The times are equally prosaic for Leré, but she seeks to rise above their insipidness and welcomes whatever opportunities chance provides for sublime acts of Christian devotion. Almost as if in answer to Padre Mancebo, Leré says of her malicious critics, «Los perdono de todo corazón, y casi, casi les agradecí la injuria, porque me proporcionaban lo que tanto deseo: ocasión de martirio, que rara vez se presenta en estos tiempos de vida tonta, dentro de la cual no hay drama humano ni divino, ni proporción alguna de hacer grandes méritos» (p. 1420).43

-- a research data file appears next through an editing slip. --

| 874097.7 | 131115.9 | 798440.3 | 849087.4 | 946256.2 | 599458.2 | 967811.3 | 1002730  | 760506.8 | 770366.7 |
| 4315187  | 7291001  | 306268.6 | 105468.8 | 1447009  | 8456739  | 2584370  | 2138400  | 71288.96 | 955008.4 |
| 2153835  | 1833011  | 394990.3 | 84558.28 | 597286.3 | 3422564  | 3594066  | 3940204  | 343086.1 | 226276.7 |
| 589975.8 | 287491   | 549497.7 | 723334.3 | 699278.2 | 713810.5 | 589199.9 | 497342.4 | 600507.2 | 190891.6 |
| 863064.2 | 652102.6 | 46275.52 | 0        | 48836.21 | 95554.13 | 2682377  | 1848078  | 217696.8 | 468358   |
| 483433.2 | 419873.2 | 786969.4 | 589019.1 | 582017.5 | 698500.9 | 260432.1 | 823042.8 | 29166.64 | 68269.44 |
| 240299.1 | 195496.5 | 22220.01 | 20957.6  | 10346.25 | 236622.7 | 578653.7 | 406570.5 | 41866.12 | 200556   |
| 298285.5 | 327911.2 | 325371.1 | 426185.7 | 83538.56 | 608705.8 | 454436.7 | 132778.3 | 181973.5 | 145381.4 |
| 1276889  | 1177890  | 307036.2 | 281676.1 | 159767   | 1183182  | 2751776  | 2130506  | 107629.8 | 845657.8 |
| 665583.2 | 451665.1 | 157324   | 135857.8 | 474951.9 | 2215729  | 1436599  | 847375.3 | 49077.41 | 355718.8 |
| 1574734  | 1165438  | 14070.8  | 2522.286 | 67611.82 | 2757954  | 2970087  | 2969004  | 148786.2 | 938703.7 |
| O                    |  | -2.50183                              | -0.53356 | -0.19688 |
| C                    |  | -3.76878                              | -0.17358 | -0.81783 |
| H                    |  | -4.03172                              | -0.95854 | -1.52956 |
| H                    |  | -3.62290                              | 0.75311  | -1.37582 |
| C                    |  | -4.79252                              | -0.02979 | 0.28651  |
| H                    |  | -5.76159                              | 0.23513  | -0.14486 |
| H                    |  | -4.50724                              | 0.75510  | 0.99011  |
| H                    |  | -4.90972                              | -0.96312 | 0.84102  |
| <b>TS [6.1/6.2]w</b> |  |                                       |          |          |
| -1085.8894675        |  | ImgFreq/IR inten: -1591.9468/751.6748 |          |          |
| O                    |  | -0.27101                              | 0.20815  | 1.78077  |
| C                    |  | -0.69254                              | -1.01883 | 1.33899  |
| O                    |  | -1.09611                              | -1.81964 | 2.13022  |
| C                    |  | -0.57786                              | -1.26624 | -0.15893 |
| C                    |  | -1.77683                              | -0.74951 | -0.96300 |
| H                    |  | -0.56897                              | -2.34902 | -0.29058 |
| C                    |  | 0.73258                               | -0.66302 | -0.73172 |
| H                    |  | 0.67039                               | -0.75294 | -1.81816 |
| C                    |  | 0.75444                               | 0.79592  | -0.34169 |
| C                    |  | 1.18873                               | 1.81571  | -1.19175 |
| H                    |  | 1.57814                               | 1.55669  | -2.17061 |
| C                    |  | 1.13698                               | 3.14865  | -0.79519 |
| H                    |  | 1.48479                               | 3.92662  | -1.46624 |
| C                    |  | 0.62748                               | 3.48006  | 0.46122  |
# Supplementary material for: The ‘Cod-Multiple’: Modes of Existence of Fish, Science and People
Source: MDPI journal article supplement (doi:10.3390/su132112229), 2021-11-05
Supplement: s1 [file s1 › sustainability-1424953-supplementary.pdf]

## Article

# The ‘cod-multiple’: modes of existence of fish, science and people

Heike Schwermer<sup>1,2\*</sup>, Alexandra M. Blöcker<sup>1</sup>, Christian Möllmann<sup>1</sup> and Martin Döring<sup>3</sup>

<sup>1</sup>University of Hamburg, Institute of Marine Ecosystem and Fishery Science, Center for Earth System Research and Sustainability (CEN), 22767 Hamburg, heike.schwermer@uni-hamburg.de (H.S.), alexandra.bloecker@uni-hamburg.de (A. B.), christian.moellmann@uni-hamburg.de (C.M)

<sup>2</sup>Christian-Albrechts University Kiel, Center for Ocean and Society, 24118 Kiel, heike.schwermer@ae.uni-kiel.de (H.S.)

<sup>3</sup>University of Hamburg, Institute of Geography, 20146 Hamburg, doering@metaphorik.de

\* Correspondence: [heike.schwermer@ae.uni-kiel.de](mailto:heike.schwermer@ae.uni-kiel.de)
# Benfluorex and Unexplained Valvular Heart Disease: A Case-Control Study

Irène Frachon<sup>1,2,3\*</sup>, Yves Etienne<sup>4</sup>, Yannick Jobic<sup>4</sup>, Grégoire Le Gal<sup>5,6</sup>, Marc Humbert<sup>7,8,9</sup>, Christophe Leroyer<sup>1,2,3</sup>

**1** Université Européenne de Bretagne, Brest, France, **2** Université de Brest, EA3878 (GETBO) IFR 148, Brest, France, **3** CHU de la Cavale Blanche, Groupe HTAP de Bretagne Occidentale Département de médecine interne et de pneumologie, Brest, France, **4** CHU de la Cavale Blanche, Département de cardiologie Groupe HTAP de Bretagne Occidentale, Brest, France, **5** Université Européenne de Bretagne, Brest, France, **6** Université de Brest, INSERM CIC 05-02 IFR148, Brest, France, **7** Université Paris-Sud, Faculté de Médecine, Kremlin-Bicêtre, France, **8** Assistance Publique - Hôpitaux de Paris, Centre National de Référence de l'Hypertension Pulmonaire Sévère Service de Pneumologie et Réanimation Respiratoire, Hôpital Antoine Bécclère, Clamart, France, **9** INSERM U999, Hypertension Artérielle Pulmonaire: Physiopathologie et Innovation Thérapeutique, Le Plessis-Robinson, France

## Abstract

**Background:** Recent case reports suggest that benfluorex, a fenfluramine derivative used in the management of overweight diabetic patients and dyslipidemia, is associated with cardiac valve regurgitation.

Ángel's religious search falls between the priests' Catholic pragmatism and Lerés quest of perfect spirituality. Modest goals cannot satisfy his restlessness. «Una de las ansias que más me atormentan es la de lo sobrenatural, la de que mis sentidos perciban sensaciones contrarias a la ley física que todos conocemos. La monotonía de los fenómenos corrientes de la Naturaleza es desesperante. Lo sobrenatural, lo maravilloso, el milagro, me hacen falta a mí, y por encontrarlos diera todo lo que poseo» (p. 1458). Ángel's yearning distinguishes him from the two clerics; on the other hand, their sensible outlook stands in contrast to his arrogance. This balance changes as events move towards the end of the novel. Pride and anger are still present at the core of Ángel's character, but he is able to rise to a loftier morality. Thus, when Padre Casado admires the idea behind the institution Ángel plans to establish although warning that it is impractical, Guerra replies excitedly: «Basta, don Juan, basta. No nos asustemos con el coco de la práctica, con ese fantasmón traído a nuestros tiempos por un positivismo huero y sin sustancia. No; la realidad es mejor de lo que usted cree. Cabalmente desea ella, en los desmayados tiempos que alcanzamos, que le echan ideas grandes, ideas sublimes para materializarlas y darles cuerpo y vida, en bien de los humanos y para gloria de quien hizo los astros y el polvo de la tierra» (p. 1509).44